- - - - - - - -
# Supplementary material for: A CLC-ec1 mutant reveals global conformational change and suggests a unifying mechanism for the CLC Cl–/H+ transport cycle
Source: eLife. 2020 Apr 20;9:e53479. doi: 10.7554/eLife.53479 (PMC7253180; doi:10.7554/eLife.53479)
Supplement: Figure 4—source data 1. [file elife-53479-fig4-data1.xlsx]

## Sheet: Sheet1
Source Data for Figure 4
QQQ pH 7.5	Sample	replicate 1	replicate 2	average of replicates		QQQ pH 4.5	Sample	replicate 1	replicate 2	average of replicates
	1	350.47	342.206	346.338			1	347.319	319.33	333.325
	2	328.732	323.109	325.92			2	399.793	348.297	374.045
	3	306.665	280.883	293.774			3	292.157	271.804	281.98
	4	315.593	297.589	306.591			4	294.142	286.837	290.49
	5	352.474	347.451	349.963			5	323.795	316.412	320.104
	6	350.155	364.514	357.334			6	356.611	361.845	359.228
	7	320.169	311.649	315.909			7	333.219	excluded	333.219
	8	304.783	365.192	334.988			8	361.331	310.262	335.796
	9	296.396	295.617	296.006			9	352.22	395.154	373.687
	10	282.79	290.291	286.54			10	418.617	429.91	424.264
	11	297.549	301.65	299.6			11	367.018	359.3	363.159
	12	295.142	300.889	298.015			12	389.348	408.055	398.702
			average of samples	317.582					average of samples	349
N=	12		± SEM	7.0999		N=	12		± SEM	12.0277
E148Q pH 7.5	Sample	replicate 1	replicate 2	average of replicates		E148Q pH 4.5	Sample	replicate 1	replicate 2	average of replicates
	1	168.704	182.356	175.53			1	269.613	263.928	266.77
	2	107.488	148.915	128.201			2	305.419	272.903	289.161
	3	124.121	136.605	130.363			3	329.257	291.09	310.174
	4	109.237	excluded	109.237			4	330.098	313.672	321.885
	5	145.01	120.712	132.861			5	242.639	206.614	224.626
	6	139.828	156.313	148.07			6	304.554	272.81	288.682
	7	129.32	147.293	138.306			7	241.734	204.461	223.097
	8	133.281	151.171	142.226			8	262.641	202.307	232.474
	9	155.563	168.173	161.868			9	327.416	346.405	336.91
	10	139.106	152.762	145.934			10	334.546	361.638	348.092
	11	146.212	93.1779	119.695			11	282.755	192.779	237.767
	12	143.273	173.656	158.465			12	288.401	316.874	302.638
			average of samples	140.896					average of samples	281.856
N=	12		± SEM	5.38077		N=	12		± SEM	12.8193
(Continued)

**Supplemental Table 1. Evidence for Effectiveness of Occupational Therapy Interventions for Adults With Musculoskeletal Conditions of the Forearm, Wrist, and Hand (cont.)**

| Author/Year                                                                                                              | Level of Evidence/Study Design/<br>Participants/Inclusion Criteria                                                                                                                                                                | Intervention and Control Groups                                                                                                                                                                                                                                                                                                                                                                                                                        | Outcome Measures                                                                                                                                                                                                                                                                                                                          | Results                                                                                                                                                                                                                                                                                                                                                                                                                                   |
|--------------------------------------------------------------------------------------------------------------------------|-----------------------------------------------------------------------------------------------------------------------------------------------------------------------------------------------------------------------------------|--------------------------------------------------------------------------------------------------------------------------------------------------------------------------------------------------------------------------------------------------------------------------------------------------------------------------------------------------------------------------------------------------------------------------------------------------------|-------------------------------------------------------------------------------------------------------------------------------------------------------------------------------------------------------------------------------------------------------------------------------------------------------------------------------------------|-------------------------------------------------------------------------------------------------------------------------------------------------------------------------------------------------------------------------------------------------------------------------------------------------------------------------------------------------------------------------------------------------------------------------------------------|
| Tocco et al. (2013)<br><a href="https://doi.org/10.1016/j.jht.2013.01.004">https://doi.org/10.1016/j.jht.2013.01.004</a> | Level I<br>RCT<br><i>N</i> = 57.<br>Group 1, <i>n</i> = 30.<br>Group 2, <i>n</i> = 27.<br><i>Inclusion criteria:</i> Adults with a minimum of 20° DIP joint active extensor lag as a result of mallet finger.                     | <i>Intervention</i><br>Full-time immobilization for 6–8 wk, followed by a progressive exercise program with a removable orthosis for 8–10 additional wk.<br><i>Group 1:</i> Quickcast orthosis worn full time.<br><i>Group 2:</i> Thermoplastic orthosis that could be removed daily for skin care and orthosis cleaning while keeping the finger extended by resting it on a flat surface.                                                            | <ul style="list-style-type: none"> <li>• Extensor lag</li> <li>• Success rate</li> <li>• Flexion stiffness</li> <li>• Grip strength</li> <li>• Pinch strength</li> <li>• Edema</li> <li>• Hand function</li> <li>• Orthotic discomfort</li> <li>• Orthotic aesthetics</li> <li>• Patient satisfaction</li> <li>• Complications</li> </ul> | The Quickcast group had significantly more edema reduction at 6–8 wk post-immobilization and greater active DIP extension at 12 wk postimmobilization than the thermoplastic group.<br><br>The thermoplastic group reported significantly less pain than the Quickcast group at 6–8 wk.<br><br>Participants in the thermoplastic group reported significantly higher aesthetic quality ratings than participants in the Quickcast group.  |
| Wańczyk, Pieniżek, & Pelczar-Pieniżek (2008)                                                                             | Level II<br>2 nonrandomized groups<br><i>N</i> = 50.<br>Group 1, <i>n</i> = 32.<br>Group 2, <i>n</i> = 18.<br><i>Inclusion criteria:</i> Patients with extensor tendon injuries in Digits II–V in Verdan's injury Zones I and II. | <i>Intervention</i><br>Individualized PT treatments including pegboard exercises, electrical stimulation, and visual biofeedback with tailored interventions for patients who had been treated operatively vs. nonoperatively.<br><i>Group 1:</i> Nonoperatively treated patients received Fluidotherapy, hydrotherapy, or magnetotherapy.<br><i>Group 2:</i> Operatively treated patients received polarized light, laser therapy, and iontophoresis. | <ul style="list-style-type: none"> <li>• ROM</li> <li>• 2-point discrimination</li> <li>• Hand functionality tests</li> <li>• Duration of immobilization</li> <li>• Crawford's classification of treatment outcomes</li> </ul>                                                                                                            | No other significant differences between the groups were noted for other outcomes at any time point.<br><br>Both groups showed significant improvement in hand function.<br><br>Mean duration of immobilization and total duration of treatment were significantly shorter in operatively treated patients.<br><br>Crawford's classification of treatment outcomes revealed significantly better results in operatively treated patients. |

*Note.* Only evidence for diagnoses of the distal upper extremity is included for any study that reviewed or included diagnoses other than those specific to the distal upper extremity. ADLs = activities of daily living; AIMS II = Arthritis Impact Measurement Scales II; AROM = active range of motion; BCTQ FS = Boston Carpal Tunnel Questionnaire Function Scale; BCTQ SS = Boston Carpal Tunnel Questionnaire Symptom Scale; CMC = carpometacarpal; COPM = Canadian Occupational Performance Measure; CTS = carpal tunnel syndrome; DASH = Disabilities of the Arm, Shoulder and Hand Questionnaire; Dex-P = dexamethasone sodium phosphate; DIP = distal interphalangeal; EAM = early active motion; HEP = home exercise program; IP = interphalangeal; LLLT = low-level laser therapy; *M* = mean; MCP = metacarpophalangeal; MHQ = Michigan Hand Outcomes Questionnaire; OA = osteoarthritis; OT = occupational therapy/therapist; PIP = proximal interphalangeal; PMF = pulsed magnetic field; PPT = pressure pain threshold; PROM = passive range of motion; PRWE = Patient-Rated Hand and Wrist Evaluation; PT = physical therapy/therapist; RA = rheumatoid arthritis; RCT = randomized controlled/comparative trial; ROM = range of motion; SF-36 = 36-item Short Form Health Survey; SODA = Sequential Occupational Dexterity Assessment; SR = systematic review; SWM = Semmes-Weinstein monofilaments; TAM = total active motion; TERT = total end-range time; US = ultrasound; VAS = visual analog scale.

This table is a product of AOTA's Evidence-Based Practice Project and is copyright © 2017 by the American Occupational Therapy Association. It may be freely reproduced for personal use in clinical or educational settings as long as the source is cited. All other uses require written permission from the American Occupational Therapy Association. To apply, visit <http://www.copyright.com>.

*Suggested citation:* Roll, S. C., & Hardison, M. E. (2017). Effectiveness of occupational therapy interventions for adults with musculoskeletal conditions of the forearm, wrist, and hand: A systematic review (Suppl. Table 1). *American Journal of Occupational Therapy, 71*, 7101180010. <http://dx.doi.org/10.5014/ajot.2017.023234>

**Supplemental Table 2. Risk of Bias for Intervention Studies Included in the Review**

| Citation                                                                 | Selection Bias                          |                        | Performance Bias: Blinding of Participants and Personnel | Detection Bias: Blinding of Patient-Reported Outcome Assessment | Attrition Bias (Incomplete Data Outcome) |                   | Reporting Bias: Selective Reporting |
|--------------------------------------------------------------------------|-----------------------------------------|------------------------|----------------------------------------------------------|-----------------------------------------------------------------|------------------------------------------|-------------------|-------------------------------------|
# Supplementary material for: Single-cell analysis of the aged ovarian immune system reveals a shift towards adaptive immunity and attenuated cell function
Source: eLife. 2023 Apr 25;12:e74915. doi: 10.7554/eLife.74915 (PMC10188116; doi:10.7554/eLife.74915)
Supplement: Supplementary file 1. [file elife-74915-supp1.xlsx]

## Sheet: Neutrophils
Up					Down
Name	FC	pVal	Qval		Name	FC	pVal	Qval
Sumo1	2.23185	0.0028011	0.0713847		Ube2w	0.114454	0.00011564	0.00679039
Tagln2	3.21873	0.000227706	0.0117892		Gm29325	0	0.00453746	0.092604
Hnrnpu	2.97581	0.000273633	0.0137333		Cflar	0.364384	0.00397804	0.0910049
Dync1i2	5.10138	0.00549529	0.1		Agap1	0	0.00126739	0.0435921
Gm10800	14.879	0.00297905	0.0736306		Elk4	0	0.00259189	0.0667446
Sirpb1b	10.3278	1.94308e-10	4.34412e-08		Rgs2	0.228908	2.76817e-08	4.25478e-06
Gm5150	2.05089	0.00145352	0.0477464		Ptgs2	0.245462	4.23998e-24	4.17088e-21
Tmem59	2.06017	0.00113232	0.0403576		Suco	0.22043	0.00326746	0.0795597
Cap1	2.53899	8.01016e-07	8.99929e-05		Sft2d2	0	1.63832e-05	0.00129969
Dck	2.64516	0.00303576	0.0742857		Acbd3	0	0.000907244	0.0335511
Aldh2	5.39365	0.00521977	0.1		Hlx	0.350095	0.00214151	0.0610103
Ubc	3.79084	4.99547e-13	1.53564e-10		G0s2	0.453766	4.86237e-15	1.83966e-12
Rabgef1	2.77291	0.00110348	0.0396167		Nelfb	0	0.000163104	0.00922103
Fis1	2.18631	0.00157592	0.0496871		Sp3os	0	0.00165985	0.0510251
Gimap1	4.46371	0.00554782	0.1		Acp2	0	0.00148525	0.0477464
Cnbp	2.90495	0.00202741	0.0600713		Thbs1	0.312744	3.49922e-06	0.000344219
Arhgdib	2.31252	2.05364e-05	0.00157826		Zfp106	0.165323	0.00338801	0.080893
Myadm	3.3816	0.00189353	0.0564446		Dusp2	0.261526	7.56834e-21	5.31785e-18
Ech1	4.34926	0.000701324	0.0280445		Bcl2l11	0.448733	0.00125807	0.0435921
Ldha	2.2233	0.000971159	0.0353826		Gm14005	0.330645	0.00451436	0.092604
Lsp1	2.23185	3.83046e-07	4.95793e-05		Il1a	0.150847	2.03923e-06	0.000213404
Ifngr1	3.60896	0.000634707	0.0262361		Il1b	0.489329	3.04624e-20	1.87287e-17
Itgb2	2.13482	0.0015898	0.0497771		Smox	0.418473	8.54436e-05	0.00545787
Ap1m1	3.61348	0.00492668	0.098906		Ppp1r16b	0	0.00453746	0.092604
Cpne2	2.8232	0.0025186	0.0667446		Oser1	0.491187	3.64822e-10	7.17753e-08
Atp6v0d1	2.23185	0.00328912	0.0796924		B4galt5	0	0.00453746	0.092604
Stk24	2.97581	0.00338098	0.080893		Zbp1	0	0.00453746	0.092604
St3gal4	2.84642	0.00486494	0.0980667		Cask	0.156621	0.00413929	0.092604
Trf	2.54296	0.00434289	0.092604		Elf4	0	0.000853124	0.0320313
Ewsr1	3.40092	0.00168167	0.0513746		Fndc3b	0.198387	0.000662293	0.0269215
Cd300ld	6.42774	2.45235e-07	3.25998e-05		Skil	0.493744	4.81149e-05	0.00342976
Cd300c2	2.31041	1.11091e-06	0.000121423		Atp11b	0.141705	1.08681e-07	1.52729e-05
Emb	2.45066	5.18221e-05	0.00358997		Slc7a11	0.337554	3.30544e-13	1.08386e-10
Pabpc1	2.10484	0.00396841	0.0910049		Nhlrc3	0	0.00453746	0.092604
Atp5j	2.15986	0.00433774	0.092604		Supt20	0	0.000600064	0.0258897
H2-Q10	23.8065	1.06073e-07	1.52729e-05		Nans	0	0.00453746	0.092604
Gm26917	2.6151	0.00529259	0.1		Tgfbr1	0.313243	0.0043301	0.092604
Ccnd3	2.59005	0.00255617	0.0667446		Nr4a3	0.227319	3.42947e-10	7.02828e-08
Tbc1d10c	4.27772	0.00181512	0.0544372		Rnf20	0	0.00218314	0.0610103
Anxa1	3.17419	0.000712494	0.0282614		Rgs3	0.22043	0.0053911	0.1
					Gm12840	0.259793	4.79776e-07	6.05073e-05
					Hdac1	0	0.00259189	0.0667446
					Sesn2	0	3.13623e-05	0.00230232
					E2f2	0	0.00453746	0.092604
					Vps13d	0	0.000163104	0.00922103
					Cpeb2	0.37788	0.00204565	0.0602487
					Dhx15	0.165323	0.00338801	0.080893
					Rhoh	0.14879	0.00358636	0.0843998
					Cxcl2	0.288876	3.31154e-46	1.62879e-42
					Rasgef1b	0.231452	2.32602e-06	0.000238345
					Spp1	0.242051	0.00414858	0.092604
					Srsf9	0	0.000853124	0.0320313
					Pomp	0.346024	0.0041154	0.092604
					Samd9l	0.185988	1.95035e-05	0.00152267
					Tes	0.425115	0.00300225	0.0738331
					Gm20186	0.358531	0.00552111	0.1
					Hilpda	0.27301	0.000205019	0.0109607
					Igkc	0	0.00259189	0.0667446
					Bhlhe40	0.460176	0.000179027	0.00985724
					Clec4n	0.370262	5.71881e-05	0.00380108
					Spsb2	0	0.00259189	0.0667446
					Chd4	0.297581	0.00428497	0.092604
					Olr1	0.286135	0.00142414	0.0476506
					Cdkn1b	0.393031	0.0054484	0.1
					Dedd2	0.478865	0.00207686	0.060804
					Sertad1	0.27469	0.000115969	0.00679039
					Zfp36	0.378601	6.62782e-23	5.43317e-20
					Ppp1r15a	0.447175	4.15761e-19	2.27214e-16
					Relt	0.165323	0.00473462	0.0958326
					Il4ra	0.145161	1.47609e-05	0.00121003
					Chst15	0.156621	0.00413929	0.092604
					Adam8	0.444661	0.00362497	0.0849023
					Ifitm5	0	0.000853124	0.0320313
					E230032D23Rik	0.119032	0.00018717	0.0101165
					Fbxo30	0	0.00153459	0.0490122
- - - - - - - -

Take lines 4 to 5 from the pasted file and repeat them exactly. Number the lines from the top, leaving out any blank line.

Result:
## Sheet: Sheet1
Source Data for Figure 4